Out of service
Amtrak, the Acela corridor, N95 masks, a lot of unsubscribes, and 7 other things worth your time.
A lot of things are on the brink right now. Amtrak might be one of them.
Last week, ridership of the Acela, the comparatively high-speed train that runs from Boston through New York to Washington, was at just 1 percent.
As of Sunday, it’s shut down. Not a surprise.
Actually, what is surprising is that some non-Acela trains are in fact still running, as I’m not sure who’s riding them. Now, the railroad itself is “on the bring of financial calamity,” according to The Wall Street Journal ($).
On a conference call Friday, Amtrak CEO Richard Anderson said Amtrak will need a $1 billion bailout from the federal government to have any chance of continuing.
Tiny compared to what the airlines want, of course, and the Journal reports that the Amtrak money was included in the coronavirus bailout bill currently pending in Congress.
Although, I should hasten to add that the bill itself was completely up in the air as of when I wrote this last night.
About a third of Understandably’s readers live along the so-called Acela Corridor — basically between DC and Boston.
Maybe you’ll be the people most interested in what happens to Amtrak. I’m right in the thick of it myself, in New Jersey.
But even here, in my little town, people’s lives are affected very differently as a result.
For example, I left the house today only once, to go to CVS—asthma meds, just in case, and a few other items.
Otherwise, I’m more or less sequestered, trying to keep my small business going strong and trying not to drive my wife and daughter crazy.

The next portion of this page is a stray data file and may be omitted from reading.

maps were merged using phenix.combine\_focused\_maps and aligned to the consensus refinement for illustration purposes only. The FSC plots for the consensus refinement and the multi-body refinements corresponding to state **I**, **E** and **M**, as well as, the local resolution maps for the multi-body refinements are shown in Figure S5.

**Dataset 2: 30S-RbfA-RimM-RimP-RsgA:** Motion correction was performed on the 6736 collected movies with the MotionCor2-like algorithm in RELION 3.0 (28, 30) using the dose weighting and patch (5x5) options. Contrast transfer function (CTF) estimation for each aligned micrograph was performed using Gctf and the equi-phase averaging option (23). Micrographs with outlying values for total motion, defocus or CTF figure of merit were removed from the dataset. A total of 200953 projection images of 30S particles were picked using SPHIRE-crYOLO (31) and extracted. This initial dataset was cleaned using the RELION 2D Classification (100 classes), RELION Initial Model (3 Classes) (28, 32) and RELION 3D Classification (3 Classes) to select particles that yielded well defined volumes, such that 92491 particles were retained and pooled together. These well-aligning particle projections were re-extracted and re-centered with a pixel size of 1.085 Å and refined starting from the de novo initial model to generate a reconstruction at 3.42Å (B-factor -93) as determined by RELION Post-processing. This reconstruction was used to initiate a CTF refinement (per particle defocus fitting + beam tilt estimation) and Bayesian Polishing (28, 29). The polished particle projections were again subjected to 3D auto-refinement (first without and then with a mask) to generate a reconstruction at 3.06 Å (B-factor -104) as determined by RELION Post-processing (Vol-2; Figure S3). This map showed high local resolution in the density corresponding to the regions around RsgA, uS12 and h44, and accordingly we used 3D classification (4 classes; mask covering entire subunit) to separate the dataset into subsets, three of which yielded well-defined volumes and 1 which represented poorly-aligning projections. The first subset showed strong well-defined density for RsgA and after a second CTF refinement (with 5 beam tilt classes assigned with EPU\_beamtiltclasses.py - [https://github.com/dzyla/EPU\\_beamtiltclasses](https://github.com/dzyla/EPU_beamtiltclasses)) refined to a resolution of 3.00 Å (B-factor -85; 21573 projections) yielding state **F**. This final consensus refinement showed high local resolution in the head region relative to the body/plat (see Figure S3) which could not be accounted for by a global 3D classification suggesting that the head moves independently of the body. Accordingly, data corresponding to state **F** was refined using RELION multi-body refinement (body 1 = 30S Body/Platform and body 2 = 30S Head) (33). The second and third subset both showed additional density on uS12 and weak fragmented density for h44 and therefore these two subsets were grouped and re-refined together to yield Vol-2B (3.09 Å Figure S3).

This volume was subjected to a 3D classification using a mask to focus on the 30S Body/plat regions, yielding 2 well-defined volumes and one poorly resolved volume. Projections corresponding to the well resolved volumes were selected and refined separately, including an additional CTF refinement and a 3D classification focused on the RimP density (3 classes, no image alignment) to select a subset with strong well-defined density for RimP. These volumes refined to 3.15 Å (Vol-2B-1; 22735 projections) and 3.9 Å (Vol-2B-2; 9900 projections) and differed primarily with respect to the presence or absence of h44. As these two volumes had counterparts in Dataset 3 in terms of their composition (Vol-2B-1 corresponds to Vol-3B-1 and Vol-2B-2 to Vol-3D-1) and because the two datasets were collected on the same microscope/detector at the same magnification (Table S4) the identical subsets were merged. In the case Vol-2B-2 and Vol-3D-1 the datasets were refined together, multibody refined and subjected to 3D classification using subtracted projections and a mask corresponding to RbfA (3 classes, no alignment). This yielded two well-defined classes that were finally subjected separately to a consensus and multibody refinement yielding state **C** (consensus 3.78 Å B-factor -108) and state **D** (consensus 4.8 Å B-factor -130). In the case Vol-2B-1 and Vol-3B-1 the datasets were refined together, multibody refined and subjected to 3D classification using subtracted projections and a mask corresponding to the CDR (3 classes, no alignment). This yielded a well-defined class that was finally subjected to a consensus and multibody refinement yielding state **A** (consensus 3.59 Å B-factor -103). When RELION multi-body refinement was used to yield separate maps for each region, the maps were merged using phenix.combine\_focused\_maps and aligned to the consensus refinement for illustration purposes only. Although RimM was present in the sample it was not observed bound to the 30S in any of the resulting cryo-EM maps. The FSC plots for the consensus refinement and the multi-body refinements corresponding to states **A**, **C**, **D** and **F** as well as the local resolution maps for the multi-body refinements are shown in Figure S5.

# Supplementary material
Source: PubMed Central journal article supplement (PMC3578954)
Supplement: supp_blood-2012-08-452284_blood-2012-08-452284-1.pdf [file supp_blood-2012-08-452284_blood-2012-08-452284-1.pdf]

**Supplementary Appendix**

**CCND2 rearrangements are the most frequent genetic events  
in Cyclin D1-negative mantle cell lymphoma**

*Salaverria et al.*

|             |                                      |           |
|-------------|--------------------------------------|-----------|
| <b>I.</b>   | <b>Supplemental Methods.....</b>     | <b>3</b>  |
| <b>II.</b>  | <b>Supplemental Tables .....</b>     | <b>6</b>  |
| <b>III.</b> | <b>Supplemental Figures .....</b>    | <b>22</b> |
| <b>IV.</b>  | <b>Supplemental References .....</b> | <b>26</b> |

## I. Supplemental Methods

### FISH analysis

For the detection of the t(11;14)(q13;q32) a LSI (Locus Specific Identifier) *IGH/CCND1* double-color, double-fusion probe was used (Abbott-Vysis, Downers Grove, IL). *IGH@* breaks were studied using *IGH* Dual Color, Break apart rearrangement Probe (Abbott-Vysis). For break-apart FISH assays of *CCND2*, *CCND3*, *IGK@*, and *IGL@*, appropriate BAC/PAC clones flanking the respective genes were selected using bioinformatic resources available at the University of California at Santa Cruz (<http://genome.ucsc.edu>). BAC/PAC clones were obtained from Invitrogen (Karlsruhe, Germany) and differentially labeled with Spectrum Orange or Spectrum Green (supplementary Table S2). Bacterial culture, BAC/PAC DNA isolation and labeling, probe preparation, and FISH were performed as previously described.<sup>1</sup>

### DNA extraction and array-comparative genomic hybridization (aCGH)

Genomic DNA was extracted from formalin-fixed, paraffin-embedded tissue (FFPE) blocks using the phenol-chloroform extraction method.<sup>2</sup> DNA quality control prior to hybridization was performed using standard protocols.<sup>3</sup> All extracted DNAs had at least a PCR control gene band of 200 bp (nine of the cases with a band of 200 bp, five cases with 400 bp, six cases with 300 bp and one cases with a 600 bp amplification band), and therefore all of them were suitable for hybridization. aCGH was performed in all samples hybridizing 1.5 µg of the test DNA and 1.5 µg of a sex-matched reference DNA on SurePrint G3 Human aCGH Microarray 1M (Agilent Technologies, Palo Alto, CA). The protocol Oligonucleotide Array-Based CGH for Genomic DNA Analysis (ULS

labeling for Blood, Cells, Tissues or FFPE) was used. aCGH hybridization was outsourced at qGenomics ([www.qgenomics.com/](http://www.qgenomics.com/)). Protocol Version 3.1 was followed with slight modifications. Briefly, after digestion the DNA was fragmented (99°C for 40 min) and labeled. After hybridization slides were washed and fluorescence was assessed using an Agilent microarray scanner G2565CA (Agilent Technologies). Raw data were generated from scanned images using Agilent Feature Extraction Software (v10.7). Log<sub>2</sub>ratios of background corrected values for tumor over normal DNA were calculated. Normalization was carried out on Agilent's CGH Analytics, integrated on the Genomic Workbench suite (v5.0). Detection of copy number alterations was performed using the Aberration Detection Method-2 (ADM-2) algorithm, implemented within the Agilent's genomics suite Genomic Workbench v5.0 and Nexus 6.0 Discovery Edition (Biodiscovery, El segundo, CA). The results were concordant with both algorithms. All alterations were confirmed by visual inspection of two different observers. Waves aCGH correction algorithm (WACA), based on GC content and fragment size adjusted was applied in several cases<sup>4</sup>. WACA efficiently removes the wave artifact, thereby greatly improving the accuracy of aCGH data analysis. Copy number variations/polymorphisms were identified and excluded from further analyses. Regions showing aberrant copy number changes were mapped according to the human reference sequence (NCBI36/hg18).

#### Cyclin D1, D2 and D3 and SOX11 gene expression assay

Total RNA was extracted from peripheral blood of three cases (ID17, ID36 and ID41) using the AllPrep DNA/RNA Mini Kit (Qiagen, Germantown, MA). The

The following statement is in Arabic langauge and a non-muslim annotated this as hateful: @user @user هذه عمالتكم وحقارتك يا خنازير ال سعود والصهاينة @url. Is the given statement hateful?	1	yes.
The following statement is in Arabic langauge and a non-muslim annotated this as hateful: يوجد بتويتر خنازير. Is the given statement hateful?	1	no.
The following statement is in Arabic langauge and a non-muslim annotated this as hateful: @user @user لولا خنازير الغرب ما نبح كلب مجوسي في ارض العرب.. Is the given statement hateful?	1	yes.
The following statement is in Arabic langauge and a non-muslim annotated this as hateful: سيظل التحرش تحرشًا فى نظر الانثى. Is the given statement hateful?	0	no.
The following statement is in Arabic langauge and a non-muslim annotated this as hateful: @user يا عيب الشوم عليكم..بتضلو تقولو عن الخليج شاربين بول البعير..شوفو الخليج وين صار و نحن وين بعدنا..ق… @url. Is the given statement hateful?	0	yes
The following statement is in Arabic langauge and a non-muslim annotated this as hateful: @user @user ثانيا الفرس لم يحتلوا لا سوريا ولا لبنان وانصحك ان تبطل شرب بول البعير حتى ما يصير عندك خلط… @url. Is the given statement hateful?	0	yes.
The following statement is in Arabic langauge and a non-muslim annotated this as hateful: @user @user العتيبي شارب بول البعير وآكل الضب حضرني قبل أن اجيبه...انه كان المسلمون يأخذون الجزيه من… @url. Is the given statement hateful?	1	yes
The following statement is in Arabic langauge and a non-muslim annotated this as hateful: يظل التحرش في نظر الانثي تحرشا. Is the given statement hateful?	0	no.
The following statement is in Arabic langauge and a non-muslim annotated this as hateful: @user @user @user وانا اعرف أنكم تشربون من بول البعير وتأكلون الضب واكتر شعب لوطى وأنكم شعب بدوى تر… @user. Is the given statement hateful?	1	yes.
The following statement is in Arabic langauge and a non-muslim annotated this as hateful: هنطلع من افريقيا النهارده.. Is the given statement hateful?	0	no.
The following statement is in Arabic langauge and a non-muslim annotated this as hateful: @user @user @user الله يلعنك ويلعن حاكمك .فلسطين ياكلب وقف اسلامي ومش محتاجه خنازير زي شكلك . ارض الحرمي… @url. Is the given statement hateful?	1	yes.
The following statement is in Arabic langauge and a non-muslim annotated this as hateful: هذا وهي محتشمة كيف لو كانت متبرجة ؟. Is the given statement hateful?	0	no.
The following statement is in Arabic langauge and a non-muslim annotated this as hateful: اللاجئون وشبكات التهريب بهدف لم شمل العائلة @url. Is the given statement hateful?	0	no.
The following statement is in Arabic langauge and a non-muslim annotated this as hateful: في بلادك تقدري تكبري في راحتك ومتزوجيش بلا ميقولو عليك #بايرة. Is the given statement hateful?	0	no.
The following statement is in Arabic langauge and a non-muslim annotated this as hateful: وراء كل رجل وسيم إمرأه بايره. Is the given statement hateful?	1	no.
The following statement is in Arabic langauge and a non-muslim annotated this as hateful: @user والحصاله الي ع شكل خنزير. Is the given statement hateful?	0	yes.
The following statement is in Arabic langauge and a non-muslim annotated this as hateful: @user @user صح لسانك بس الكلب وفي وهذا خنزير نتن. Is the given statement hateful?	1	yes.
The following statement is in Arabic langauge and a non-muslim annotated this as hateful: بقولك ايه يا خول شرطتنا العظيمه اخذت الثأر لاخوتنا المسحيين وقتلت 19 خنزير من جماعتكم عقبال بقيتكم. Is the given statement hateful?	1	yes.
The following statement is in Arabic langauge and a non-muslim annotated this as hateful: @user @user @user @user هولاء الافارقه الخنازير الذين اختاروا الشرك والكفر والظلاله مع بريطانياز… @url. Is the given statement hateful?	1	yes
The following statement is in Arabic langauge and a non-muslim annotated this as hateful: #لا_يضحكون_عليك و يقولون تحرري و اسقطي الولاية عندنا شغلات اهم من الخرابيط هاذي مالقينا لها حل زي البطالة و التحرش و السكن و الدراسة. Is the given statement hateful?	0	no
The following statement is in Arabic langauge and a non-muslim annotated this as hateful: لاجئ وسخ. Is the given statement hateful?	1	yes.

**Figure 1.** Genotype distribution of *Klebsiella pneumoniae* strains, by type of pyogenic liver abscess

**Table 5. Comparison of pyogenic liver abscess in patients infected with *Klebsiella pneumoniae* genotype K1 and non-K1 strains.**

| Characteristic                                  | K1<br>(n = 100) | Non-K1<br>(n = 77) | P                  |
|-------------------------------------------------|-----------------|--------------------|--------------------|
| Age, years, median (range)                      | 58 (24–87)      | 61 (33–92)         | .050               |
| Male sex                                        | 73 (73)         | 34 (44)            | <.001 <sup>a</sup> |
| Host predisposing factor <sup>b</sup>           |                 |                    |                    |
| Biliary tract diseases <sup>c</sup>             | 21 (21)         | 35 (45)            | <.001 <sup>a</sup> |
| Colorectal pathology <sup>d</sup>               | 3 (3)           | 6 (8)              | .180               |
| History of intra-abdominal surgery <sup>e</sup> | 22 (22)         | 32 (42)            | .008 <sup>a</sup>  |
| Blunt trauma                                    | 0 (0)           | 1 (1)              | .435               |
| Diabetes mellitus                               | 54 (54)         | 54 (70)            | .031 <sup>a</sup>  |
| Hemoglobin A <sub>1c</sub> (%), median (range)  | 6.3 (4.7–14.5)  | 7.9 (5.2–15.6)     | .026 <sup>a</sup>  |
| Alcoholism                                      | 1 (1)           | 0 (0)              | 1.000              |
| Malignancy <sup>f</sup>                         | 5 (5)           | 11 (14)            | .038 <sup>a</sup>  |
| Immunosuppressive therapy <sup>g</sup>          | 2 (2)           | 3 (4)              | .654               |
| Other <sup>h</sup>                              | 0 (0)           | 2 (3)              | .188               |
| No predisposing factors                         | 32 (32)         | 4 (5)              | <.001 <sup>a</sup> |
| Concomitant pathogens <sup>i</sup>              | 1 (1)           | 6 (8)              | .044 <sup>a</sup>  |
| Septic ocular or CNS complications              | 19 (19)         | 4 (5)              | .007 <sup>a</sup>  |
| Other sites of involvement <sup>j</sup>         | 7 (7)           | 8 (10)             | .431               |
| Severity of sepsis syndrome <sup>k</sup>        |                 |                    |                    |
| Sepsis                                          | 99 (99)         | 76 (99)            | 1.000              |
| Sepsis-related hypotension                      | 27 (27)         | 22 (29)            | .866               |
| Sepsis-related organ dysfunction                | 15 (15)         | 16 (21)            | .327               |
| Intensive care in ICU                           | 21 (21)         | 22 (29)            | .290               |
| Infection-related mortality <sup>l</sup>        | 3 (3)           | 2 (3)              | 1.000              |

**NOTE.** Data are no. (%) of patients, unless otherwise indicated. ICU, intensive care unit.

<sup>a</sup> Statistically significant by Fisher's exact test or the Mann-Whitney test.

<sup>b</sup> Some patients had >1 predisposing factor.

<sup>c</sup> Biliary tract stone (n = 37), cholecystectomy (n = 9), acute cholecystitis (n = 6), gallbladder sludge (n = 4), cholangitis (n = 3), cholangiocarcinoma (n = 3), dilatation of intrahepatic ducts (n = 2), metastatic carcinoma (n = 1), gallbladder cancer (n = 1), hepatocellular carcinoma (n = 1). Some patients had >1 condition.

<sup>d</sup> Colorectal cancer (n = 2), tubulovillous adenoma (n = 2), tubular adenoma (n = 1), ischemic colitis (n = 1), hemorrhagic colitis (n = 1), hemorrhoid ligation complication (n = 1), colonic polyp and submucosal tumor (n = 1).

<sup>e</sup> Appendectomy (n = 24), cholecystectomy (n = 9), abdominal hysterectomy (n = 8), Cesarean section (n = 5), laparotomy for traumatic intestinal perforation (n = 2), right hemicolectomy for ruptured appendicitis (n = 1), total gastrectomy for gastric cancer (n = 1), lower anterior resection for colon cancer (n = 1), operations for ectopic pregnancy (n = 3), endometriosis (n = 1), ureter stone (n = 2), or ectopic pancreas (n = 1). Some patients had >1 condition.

We have a friend who is a veteran nurse at a major hospital in the area, and her life is very different. She and her husband both have essential services jobs. They’re both working long hours, school is out, and they have two small kids.
This morning, we heard that her hospital is almost out of N95 masks. She’s using the same one over and over.
I had two N95 masks in the basement — but they weren’t even new—from last summer when we had to do a bit of work down there. Obviously I know there’s a mask shortage, but: does anyone really want my old, used masks?
It turns out, yes they do. At least here, the choice is apparently between a gently used mask and one that’s been potentially exposed to COVID-19 repeatedly (or just using a bandana, as the CDC suggests).
So, my wife dropped off our little contribution to our friend, while I made frosting with my daughter and iced cupcakes.
And I have every reason to believe that if you wind up at that hospital in the next few days, there’s a chance a nurse who helps you will be wearing a used mask that I simply never got around to throwing in the trash last summer.
Diving more into the analytics of our readership, I can tell you that besides the 34 percent who live on the Acela corridor between Boston and Washington, another 40 percent live elsewhere in the U.S.
Then, there are maybe 5 percent in Canada, 2 to 3 percent each in the United Kingdom and India, and about 1 percent each in Australia, South Africa and Germany.